More than two and a half million home care workers take care of the nation’s frailest citizens in their homes every day. They help those individuals bathe, dress, and get their meals. Sometimes they provide assistance with medication and medical devices; in other cases, they assist with wheelchairs and walkers, shopping, and social activities. The work is important, difficult, and even dangerous. Home care workers have among the highest rates of injury of any occupation in the U.S.
Yet these workers who are so vital to the health and well-being of millions of Americans are not guaranteed the federal minimum wage or time and a half for overtime. Often, they are not even paid for the time they spend traveling between clients.
Home care workers earn an average wage of less than $10 per hour, barely above the poverty level for women supporting their own children (90 percent of the workforce is female). One in three lack health insurance, and nearly half must rely on public assistance to support their families.
It’s scant consolation to these workers that they belong to the nation’s fastest-growing occupation: according to the Bureau of Labor Statistics, the growth of America’s elderly population will require nearly four million home care workers by 2020.
On December 15, 2011, the Obama administration proposed regulations that would insure that home care workers are covered under the Fair Labor Standards Act, the minimum guarantee of basic labor protections for most of the country’s workforce.  In the three months following the announcement, the U.S. Department of Labor (DOL) received over 25,000 comments from the public, more than 75 percent of them in favor of the revised rule. The final regulations are now under OMB review, where they are being heavily lobbied by representatives of the extremely profitable home care industry. Even by Washington standards, fourteen months should be enough time to put such a straightforward policy into effect.
The Department of Labor has estimated that the additional costs associated with this change would be less than one-tenth of one percent of the home care industry’s $84 billion in revenues. This is a small price to pay to help some of our nation’s lowest-paid workers get a step up. But this investment has an added benefit as well — it is crucial to building the stable, committed workforce we need for the future.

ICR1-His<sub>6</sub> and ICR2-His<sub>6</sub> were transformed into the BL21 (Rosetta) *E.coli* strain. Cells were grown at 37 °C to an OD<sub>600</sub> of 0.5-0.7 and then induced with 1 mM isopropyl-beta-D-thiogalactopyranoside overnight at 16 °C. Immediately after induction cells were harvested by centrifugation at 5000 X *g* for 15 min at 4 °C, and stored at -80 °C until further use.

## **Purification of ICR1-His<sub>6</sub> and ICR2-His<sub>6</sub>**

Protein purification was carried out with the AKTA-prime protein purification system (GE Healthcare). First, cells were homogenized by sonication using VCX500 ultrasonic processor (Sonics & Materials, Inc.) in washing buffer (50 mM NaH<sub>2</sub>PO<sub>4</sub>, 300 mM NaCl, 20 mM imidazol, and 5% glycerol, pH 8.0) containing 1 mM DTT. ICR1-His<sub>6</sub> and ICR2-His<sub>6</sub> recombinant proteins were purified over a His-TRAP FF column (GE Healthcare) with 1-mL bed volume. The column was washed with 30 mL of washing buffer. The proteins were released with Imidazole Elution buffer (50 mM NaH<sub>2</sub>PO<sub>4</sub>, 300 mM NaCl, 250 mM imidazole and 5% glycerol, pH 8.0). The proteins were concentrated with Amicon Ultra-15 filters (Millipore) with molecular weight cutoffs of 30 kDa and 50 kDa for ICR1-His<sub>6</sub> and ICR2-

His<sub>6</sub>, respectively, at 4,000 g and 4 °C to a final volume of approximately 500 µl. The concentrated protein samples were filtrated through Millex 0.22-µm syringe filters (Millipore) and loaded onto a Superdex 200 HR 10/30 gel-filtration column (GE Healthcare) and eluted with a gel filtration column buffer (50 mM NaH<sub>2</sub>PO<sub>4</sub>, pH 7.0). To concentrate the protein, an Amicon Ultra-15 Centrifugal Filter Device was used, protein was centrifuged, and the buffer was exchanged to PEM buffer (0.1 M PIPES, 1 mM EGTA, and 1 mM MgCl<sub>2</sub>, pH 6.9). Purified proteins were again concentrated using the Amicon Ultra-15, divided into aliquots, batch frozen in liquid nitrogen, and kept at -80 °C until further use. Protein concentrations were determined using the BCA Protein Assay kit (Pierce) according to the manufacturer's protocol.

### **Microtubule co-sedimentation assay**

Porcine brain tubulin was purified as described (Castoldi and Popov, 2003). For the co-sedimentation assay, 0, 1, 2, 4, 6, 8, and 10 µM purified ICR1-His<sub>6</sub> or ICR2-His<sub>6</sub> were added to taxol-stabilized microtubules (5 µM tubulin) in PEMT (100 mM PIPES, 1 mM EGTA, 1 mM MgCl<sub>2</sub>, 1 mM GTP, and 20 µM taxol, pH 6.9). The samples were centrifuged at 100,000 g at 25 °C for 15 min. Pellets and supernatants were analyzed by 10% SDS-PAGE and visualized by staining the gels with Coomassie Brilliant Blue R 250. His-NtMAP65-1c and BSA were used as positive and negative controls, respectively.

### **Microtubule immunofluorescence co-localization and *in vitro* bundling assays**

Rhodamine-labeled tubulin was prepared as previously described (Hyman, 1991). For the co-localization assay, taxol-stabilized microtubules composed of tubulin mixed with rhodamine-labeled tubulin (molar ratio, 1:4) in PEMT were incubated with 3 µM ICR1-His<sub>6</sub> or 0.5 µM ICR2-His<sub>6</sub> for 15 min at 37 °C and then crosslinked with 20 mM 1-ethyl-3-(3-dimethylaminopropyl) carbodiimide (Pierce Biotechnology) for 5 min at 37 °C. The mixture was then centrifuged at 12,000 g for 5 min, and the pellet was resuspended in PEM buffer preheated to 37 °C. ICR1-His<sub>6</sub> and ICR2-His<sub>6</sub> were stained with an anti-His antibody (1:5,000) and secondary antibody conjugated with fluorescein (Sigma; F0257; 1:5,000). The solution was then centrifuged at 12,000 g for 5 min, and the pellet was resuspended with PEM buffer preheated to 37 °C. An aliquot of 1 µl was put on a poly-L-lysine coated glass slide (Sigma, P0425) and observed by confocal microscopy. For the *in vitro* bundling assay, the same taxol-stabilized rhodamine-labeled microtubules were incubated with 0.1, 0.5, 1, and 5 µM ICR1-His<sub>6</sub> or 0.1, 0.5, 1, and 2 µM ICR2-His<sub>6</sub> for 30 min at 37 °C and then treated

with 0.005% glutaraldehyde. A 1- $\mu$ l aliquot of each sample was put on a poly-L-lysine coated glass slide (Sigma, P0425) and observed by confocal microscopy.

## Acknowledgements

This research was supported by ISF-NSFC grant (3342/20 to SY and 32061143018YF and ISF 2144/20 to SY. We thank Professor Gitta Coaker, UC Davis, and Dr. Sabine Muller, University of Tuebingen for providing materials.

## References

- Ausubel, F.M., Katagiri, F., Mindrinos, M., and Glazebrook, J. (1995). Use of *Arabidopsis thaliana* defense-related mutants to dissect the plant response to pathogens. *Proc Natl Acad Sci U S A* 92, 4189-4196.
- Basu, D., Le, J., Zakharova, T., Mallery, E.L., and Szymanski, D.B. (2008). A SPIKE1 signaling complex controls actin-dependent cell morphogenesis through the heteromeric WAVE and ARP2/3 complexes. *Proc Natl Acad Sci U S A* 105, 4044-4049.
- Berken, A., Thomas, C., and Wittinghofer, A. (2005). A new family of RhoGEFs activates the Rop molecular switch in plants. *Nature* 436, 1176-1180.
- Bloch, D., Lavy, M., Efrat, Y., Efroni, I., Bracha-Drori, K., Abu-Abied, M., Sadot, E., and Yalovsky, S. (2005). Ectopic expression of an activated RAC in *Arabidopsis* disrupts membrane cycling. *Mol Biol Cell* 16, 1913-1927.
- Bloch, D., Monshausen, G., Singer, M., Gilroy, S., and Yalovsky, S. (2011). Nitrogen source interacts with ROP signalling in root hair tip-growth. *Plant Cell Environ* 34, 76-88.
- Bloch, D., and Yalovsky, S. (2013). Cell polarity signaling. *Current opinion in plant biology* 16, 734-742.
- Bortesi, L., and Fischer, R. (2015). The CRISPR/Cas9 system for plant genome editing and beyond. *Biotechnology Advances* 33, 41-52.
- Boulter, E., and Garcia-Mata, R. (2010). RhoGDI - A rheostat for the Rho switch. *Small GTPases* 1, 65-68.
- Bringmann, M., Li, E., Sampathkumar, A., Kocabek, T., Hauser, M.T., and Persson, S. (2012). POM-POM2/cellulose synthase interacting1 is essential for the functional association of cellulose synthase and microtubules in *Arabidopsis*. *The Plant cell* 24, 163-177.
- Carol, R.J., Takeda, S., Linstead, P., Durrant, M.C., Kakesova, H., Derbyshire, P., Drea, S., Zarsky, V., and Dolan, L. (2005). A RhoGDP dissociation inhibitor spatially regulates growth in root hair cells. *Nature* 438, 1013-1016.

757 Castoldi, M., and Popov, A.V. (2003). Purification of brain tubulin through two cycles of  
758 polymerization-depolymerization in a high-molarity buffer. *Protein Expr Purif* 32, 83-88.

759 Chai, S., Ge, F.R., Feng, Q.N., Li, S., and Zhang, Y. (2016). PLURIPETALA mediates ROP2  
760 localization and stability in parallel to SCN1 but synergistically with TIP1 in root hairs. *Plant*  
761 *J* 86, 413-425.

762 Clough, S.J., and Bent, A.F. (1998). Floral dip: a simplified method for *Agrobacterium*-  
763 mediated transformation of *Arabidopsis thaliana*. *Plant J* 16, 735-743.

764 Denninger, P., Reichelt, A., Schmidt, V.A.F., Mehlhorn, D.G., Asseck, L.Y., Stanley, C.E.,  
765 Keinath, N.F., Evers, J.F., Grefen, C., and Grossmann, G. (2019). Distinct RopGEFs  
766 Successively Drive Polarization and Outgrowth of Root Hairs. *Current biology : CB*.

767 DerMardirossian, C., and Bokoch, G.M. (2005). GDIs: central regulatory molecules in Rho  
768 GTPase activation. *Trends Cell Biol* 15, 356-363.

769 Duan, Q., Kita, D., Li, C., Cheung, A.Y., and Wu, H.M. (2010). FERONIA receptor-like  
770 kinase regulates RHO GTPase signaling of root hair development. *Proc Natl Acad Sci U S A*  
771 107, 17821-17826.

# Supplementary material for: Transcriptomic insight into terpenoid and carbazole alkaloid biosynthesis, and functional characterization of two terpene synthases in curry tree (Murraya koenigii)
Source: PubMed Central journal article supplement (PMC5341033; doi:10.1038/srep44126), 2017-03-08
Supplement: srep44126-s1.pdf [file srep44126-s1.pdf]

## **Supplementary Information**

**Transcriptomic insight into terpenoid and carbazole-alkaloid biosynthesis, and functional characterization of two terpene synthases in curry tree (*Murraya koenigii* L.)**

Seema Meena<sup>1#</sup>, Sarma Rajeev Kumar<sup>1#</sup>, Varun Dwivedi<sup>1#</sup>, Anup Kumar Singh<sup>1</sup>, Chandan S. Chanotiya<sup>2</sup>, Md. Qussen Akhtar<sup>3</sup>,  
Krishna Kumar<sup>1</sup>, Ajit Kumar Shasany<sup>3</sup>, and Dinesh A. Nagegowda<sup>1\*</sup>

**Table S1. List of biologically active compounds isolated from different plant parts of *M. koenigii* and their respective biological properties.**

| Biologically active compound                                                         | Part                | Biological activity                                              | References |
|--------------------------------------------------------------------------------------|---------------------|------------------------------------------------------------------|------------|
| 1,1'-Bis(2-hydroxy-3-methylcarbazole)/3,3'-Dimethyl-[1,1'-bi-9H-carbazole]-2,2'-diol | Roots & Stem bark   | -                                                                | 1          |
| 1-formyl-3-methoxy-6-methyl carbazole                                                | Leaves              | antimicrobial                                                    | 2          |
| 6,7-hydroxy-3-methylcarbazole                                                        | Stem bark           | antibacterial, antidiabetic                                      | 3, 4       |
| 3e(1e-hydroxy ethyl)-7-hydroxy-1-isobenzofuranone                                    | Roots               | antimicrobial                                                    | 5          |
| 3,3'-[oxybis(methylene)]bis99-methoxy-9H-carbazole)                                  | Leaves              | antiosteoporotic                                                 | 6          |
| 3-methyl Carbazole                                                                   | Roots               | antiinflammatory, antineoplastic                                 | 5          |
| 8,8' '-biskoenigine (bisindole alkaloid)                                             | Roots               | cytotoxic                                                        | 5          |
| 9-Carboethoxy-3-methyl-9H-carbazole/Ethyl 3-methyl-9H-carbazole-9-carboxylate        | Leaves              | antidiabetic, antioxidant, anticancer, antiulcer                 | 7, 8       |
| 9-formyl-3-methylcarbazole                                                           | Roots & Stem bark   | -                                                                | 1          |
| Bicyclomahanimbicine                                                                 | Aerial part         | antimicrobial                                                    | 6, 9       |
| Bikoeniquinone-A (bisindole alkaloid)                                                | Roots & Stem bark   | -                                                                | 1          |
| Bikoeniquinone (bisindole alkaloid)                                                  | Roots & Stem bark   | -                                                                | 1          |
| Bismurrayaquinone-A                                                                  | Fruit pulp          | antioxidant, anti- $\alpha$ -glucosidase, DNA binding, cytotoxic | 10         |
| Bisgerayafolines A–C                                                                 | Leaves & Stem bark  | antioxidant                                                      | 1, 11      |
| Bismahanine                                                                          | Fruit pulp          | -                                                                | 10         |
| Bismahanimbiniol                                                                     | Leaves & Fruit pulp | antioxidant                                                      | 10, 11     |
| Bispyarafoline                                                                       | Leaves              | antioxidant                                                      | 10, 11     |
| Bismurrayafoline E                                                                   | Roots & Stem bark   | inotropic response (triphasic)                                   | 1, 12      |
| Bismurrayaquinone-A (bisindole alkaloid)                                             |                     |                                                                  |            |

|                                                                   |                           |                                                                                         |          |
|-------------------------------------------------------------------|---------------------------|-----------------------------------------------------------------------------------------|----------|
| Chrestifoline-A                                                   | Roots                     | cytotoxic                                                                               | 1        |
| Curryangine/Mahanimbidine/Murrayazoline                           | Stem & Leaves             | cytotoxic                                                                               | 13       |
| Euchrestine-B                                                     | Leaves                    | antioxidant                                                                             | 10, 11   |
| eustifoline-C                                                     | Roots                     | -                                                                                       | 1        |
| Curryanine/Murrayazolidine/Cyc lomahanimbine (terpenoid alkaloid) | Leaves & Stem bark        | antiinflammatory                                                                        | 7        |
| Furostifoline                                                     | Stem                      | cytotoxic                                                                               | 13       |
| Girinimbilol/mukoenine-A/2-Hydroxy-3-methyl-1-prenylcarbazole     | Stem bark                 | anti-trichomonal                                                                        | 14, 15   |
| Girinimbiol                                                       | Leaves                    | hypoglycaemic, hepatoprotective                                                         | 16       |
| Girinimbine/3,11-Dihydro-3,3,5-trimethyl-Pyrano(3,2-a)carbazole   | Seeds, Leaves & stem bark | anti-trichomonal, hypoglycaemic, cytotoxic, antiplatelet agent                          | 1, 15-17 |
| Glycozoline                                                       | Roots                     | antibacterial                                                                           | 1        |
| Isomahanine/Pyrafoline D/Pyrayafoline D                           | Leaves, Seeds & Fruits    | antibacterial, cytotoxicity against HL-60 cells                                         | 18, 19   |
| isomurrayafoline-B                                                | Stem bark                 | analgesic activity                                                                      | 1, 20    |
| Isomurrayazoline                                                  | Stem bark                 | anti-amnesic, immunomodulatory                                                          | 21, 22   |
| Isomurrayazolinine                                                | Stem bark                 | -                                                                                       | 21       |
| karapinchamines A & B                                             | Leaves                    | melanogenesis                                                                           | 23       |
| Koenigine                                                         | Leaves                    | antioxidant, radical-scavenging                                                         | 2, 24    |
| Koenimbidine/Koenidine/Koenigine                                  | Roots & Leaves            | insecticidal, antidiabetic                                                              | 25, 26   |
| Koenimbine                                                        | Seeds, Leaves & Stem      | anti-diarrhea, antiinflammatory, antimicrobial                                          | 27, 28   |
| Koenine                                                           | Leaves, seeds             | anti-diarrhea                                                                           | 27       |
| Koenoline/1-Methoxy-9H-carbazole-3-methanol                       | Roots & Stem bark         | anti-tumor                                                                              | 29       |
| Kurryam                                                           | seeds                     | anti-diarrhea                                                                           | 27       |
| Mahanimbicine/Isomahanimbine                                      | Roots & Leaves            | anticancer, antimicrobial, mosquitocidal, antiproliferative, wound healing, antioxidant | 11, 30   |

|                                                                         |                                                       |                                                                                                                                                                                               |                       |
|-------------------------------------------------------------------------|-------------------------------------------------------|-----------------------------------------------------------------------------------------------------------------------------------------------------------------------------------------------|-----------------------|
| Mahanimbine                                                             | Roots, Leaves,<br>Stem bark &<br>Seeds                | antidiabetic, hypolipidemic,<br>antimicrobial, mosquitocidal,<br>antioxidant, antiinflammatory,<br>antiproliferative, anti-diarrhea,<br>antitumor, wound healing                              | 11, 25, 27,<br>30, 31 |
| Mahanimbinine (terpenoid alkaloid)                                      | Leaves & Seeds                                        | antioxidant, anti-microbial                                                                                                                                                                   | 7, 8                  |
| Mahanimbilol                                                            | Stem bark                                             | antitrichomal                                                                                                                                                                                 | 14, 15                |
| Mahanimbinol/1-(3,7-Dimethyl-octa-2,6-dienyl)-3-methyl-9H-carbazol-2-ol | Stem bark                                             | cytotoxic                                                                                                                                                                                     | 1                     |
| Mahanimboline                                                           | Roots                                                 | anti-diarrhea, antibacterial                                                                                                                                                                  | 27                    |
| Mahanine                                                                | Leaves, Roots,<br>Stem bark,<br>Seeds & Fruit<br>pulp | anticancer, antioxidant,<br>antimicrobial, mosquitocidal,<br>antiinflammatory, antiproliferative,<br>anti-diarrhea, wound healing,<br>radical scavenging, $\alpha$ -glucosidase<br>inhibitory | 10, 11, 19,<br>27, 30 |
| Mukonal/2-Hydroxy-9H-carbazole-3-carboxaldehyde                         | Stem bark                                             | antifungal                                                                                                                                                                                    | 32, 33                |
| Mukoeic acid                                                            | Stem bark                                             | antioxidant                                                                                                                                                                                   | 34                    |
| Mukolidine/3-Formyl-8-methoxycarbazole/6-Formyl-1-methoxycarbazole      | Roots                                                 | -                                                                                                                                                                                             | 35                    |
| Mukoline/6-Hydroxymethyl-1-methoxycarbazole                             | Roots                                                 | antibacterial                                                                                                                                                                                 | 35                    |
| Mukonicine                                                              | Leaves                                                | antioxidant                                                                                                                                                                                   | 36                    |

The annual turnover rate for home care workers is a staggering 50 percent, which undermines quality care. To build an experienced home care workforce that provides excellent care, we need to make sure that home care workers have basic wage guarantees that will help to keep them on the job.
Adoption of the Final Regulation to extend the Fair Labor Standards Act to home care workers would not only promote the president’s goal of strengthening the middle class; it would also address the growing need for home care services among aging Baby Boomers and millions of families caring for individuals with disabilities. We owe it to ourselves to insure that there’s an adequate supply of fairly-paid, well-trained, committed workers to take care of us when we need it.
Vladeck directed the Medicare and Medicaid Programs during the Clinton administration, and has been involved in long-term care policy for more than 30 years.